*Department of Biology, University of Waterloo, Waterloo, Canada
†Department of Chemistry, Simon Fraser University, Burnaby, Canada
‡Department of Physiological Chemistry, University of Veterinary Medicine, Hannover, Germany.
Address correspondence and reprint requests to Dr David R. Rose, Department of Biology, University of Waterloo, 200 University Ave W, Waterloo, ON N2L 3G1, Canada (e-mail: firstname.lastname@example.org).
The Heart and Stroke Foundation of Canada (NA-6305) provided an operating grant (to D.R.R.) and the Canadian Institutes for Health Research (FRN79400) provided an operating grant (to D.R.R. and B.M.P.). K.J. was supported by a scholarship from the Canadian Institutes for Health Research and the Canadian Digestive Health Foundation.
The authors report no conflicts of interest.
Two enzyme complexes are largely responsible for the postamylase metabolism of starch limit dextrins into monomeric glucose in the human small intestine, maltase-glucoamylase (MGAM) and sucrase-isomaltase (SI) (1). MGAM and SI each consist of 2 active enzyme domains or modules, with related structures but somewhat different enzymatic characteristics. Because there is some overlap in their substrate tolerances, the nomenclature used here is structurally defined: ntMGAM and ntSI for the respective N-terminal enzyme modules, and ctMGAM and ctSI for the C-terminal units.
All 4 MGAM and SI enzyme modules are classified into glycoside hydrolase family GH31 (Carbohydrate Active Enzymes Database, http://http://www.cazy.org) (2). This family is characterized by a number of enzymes with activities toward starch-derived structures. Interestingly, several GH31 enzymes are present in the proteome of gut-resident microbes, such as Bacteroides thetaiotamicron, implicating a role in the degradation of resistant starch structures by the bacterial flora (3,4). From amino acid sequence analysis, it is evident that MGAM and SI evolved from a single GH31 precursor, initially duplicating into primordial N-terminal and C-terminal domains, and subsequently into the 2 extant enzymes (5). The 4 modules have retained some overlap in substrate specificity; however, their efficiencies toward different substrates have evolved considerably, as reflected in their activity-based names and their various substrate profiles. This observation led us to propose the hypothesis that competitive inhibitors could be developed with selectivity toward each of the modules. Our goal in deriving such inhibitors is to investigate the respective roles of each enzyme module in starch digestion under differing physiological and dietary conditions. Such an approach would lead to a more complete picture of the human activities involved in starch digestion.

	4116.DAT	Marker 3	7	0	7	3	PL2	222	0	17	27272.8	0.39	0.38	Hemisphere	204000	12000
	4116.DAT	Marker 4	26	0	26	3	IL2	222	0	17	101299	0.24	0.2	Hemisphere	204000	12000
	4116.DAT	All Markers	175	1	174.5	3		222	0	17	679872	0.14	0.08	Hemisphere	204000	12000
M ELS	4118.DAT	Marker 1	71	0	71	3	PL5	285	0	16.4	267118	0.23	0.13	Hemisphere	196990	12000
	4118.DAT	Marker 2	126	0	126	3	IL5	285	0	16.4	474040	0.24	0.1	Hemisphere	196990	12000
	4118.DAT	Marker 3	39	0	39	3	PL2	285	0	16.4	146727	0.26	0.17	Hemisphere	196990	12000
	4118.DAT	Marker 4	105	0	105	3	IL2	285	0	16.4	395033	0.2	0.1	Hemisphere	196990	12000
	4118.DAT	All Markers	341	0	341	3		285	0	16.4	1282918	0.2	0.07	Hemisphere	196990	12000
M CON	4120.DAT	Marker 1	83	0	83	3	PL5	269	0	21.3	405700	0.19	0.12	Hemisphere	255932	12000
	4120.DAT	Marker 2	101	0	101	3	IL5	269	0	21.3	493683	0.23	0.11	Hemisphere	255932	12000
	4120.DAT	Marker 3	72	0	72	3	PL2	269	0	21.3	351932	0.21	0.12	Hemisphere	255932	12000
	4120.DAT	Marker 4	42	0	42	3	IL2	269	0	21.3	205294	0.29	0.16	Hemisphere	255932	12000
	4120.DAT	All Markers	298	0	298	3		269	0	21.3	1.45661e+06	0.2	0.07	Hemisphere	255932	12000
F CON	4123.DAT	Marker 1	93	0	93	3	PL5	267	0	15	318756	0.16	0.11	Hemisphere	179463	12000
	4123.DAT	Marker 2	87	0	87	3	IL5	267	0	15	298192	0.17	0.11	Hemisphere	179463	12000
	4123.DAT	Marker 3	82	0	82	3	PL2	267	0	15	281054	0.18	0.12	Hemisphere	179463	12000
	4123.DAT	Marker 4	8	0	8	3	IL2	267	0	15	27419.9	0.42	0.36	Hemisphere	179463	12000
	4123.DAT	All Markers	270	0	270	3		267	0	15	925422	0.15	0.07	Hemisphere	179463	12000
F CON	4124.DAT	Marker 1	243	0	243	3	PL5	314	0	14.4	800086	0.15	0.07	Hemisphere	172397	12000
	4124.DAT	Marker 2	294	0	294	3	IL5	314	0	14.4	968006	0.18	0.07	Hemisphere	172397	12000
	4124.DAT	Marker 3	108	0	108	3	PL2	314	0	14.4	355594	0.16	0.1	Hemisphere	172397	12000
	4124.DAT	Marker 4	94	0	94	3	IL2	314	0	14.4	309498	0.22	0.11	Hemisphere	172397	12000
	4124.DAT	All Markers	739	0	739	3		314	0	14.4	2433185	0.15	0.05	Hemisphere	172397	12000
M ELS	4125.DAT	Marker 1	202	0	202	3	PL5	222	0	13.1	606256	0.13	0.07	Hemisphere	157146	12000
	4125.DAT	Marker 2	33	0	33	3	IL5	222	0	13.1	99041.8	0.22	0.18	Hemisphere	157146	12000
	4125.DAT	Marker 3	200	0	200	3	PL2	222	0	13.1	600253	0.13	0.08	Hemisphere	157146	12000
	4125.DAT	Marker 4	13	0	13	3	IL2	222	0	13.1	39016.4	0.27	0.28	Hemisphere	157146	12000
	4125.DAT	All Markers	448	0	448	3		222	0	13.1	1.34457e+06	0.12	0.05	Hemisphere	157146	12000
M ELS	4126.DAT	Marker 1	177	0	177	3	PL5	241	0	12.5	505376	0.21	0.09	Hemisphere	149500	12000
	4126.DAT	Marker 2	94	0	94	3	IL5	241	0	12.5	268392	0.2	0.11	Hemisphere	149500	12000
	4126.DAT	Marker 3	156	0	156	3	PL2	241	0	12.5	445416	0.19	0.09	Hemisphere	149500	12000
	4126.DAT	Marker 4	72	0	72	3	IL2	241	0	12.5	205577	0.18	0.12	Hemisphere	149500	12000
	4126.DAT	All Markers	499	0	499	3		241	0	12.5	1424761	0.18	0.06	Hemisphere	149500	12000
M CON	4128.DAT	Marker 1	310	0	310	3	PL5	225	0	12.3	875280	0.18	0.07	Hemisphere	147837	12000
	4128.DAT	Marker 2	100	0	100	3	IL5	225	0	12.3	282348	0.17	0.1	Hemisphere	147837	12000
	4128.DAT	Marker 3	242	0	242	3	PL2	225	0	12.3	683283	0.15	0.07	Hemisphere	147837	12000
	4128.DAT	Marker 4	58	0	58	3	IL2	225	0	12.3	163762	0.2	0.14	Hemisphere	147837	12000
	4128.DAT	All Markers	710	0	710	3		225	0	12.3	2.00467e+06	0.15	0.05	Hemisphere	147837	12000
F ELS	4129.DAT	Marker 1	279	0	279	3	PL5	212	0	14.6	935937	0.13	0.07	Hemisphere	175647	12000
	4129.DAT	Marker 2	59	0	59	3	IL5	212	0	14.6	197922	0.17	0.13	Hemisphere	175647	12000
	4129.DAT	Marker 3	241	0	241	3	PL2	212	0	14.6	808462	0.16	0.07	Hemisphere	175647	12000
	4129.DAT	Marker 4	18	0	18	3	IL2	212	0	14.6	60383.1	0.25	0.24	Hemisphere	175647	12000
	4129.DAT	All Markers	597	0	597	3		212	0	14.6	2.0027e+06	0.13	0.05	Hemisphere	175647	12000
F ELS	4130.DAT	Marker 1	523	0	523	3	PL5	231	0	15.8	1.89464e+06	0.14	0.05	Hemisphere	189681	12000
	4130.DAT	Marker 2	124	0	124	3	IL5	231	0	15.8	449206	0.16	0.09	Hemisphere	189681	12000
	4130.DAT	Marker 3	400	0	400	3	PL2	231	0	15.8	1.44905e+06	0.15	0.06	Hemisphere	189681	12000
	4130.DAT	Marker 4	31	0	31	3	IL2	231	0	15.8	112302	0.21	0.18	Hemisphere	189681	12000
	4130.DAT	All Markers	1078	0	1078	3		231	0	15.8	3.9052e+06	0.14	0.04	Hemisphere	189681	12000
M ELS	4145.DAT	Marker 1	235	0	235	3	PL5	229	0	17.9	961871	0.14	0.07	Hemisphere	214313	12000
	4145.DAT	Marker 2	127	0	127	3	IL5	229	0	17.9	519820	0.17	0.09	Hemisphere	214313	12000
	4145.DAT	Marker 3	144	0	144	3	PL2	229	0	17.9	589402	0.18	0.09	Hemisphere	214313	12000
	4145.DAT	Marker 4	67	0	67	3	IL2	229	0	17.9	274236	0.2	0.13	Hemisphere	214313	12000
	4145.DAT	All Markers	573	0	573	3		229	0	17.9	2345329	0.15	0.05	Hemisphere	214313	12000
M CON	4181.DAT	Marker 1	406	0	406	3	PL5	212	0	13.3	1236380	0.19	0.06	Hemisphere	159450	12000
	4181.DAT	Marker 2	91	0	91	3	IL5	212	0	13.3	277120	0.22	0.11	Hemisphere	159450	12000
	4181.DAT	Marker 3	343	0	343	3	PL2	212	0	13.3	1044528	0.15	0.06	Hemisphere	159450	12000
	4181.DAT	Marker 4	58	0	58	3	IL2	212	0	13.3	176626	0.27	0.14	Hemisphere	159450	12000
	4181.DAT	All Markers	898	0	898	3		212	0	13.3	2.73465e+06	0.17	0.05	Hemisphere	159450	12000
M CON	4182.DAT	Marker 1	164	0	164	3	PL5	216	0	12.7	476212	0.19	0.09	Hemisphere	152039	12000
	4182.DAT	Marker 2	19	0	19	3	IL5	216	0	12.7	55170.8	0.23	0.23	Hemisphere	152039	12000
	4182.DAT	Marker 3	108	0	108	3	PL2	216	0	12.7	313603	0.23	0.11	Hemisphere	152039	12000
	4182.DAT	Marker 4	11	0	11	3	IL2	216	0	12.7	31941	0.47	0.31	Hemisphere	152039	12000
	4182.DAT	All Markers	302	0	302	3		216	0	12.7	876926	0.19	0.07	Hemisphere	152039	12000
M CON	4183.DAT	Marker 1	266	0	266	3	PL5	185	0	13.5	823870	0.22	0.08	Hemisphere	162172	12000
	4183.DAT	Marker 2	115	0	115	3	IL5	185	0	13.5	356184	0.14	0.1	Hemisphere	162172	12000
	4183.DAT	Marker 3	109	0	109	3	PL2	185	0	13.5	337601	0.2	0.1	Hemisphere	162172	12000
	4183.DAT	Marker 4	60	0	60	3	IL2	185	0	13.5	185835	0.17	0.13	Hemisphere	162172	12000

The experimental approach involves an iterative series of structural and chemical synthesis studies. The structural work is based on the crystallographic structural determination of each of the 4 modules, individually expressed by recombinant DNA technology in host cells. Mouse MGAM was cloned by Nichols et al (1) and human SI (6,7). Two expression systems have been used for large-scale expression. The ntMGAM and ntSI modules were initially expressed by stable transfection of Drosophila S2 cells (8), and ctMGAM and ctSI were produced by baculovirus infection of insect cells (9).
The first atomic structural results were derived for the mouse ntMGAM module, as described in detail by Sim et al (10). This structure was determined of the enzyme itself, in addition to complexes with the glucosidase inhibitors acarbose (1) (the boldface numbers correspond to the numbers in Fig. 1) and salacinol (2). Acarbose (1), a commercial compound used as an antidiabetic, is a pseudotetrasaccharide derivative with broad specificity. It is a relatively poor inhibitor of ntMGAM, but a much better one against ctMGAM. Salacinol (2), a natural product derived from Salacia plants (11), is a much more effective inhibitor of the MGAM and SI modules.
The initial ntMGAM structure resulted in a hypothesis for the selective activity of acarbose towards ctMGAM. All of the MGAM/SI modules are exo-acting glycosidases that cleave a glucose monosaccharide from the nonreducing end of the polysaccharide substrate. The substrate-binding cleft of ntMGAM consists of 2 well-defined sugar subsites on the reducing end of the cleaved product; however, ctMGAM has an inserted sequence of 21 amino acid residues as compared with ntMGAM. This insert includes several side chains common to sugar-binding sites, including aromatic side chains. The ntMGAM model proposed that this insert formed a loop extending the number of subsites in ctMGAM, which is consistent with the observation that ctMGAM was more active than ntMGAM on longer polysaccharides and more effectively inhibited by acarbose (10). This proposal has subsequently been supported by a crystal structure of ctMGAM (21).